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I know in light of logjam there have been recommendations to generate your own DH group (https://weakdh.org/sysadmin.html). It seems to me that leaving this task up to the end user is much more likely to be problematic than someone precalculating an attack against a large group (like group #14 with 2048-bits or even group #16 with 4096-bits if you are paranoid).

Further, the generation of those standard groups is obviously not maliciously created (it is based on pi expansion). However, a random group provides me no guarantee it hasn't been created with ill intent.

What gives with this common recommendation?

Standard groups: https://tools.ietf.org/html/rfc3526#page-4

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You use tools to generate safe DH groups for you, so you don't generate them entirely randomly. These tools put them through strict tests which ensure they do not have properties which make them unsafe. The tests are so accurate that the probability that one of the chosen parameters will be insecure is exceptionally low. There are two types of generators, called 2 and 5. The default is 2, but you can read about the differences here. The generation goes roughly like this:

  • The DH group generator creates a list of random candidates. They are all completely random, taken from your system's entropy pool so you can be sure that they are not maliciously selected.
  • The generator puts each candidate through extensive tests and discards the majority, leaving only a few which have special properties that make them safe for use.

What NIST did is use the pi for the first step, because obviously you would not trust them if they told you that they used their own randomness, because they could theoretically backdoor it otherwise. This safely turns the first step into a deterministic one.

Now, you don't have to worry about you creating the groups your self, because the generator gets entropy from your own system's entropy. This stage is non-deterministic, which makes the pre-computation attacks which weaken DH no longer a problem.

The reason you should use your own DH groups is because it makes you more secure from attacks involving pre-computation. The reason you should not use your own DH groups is because generating them is computationally heavy and if you are using a very very old computer, it may take a long time to create them. But as long as you generate them using openssl dhparam, then you will not need to worry about bad DH groups.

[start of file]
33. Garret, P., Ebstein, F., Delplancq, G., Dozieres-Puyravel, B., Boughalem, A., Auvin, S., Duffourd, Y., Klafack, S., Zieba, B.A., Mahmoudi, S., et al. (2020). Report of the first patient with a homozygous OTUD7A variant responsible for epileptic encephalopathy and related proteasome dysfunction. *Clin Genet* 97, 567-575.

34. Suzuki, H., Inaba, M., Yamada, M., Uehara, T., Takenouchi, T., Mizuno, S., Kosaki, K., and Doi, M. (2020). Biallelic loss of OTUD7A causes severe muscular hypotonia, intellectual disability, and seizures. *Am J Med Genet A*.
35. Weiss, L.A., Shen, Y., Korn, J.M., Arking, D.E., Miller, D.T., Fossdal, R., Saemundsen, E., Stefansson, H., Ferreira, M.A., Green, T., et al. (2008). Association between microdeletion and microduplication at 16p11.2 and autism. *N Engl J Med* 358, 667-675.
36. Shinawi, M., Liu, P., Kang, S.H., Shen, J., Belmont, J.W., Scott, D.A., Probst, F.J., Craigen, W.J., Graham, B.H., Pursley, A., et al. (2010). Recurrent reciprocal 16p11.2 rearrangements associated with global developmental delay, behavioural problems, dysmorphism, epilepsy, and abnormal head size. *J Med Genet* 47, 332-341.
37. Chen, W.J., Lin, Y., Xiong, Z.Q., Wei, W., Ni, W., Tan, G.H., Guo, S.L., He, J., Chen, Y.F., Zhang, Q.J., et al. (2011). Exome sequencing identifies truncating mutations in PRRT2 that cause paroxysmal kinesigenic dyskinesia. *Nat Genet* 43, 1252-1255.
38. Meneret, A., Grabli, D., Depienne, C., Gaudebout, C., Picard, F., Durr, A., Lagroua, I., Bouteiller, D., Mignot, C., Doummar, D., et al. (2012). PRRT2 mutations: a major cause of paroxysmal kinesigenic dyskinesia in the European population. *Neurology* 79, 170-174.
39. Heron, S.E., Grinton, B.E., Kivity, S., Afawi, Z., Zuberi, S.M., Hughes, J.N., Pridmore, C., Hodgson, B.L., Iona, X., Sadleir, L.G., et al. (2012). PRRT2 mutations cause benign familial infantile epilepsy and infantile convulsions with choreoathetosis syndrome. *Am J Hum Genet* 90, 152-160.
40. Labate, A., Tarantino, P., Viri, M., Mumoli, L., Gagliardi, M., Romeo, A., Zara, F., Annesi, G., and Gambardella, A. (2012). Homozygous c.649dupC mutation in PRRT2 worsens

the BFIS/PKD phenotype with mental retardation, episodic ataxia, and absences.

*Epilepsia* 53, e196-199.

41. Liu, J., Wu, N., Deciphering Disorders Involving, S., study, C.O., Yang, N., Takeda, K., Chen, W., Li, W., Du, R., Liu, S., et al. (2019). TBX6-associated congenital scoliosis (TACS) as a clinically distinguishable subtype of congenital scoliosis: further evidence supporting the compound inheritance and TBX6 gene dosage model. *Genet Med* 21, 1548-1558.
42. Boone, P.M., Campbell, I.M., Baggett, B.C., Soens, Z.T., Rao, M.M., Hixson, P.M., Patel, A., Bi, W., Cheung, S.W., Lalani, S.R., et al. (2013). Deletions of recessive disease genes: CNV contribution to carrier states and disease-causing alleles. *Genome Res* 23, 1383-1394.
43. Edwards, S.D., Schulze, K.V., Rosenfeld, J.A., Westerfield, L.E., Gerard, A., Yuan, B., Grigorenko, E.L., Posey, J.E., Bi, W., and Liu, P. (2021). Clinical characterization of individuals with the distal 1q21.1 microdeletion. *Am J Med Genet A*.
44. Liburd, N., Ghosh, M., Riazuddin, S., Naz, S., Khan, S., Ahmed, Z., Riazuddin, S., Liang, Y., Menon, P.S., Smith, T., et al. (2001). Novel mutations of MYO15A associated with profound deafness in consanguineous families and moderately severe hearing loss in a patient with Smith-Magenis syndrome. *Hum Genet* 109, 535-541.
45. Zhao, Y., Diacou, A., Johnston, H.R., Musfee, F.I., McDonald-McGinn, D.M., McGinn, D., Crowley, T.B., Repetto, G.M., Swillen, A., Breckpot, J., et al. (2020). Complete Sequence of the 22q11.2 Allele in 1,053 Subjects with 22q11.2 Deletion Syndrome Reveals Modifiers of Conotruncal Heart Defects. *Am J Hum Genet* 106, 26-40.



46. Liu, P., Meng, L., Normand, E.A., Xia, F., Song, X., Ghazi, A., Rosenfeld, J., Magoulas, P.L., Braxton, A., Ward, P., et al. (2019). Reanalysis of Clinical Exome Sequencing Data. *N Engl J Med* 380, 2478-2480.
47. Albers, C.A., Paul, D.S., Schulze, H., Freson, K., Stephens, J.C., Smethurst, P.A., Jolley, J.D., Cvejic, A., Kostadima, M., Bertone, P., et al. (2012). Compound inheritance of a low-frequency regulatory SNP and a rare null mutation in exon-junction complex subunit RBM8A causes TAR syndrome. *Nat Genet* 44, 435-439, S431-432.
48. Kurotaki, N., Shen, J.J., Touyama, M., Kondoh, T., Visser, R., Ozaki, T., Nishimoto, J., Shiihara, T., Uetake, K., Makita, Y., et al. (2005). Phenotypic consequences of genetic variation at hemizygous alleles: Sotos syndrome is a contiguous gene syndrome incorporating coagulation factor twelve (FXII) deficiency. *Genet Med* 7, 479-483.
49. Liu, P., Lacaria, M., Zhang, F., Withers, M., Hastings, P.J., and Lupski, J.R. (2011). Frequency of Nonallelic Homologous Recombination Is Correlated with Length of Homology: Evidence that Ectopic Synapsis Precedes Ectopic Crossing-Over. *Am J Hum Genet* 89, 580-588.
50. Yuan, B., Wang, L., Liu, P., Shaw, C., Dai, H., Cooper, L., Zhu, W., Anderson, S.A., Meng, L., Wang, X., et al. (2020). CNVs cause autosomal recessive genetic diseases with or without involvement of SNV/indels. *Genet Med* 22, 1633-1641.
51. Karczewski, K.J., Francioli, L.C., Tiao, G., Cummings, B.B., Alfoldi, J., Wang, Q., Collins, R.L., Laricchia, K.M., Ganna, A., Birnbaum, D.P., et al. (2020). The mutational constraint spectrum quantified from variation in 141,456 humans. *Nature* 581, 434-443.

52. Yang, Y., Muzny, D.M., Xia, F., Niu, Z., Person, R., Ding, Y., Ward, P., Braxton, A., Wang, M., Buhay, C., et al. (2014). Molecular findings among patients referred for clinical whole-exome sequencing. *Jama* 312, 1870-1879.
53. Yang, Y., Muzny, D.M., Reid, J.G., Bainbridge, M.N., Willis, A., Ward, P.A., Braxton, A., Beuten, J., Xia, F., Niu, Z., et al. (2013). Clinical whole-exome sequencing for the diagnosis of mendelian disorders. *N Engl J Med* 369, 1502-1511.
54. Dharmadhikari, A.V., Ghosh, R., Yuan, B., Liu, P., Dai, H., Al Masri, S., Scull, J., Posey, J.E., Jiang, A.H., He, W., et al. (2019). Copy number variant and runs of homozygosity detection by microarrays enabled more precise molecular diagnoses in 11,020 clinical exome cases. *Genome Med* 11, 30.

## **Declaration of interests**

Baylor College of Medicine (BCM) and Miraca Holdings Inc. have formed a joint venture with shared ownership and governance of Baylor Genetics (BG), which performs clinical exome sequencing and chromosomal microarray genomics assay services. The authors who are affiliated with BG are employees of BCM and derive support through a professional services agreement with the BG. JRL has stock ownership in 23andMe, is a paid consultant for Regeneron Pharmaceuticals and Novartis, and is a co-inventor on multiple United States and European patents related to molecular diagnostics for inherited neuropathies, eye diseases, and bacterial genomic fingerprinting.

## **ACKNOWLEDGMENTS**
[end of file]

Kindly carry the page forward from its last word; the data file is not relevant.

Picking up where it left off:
• (1) if you're talking about OpenSSH ssh-keygen (which is not the only SSH much less only DH) the -G step is not completely random; it sieves a large block whose start is random, and then -T M-R filters them (although the man page is not at all clear on this; check the code). Later choice among the moduli file is random. (2) nondeterministic generation has no effect on precomputation attacks, only on preventing backdoor (3) NIST has nothing to do with rfc3526 (4) openssl can generate Schnorr groups (kq+1 not 2q+1) for DH much faster, see other Qs on that – dave_thompson_085 May 12 '18 at 6:14
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Don't discourage these arguments :

  • A quantum computer prototype is already working and making something. Guess what?
  • A GPU farm is very affordable nowdays, even for a private researchers. And, yes - 10xGeForce Titan Z can make A GOOD KICK-ASS
  • There's no actual problem generating/calculating groups "on-site", it's a way faster nowdays

So I do agree with the article you provided as a reference.

  • 1
    Actually, no cryptoanalytic quantum computers are in a working state yet. The best one running Shor's algorithm can only factor the number 21 into 7 and 3. As for a GPU farm, using Titans is a stupid idea because they are designed for accuracy, not speed. Using any NVidia GPUs at all is not a good idea. AMD is always traditionally better for raw computation due to having more individual cores. – forest Apr 24 '16 at 5:47
  • @forest NVidia provides a good or near-perfect parallelism to the task, remember. And - there's no officially announced quantum algo in work. Do you think, that NSA and them-alike will immediately, clearly and honestly state : We have a way to illegally interfere into your cryptogramms ? Really? – Alexey Vesnin Apr 24 '16 at 14:06
  • It's pretty much agreed upon that the NSA now days has roughly the same level of mathematical expertise as academia. That's rarely disputed. In the past, they were a decade or so ahead. Not so much anymore. They no longer employ vastly higher number of mathematicians. As a result, you can relatively accurately approximate their progress by comparing them against what has been done in academia. Of course, even academic work can be classified, but it is classified for a far shorter time period. As a result, I'd say it's foolish to assume that the NSA has a working QC. – forest Apr 24 '16 at 23:44
  • @forest I think that they don't have a fully-featured and working QC now, but I'm pretty sure that some parts of QC that are working as prototypes today are aimed to crypto breach as for one of the primary tasks. And remember DES fiasco: yes, the actual researches were classified. Not for a long time, but it was enough to make a huge ripple – Alexey Vesnin Apr 25 '16 at 1:34

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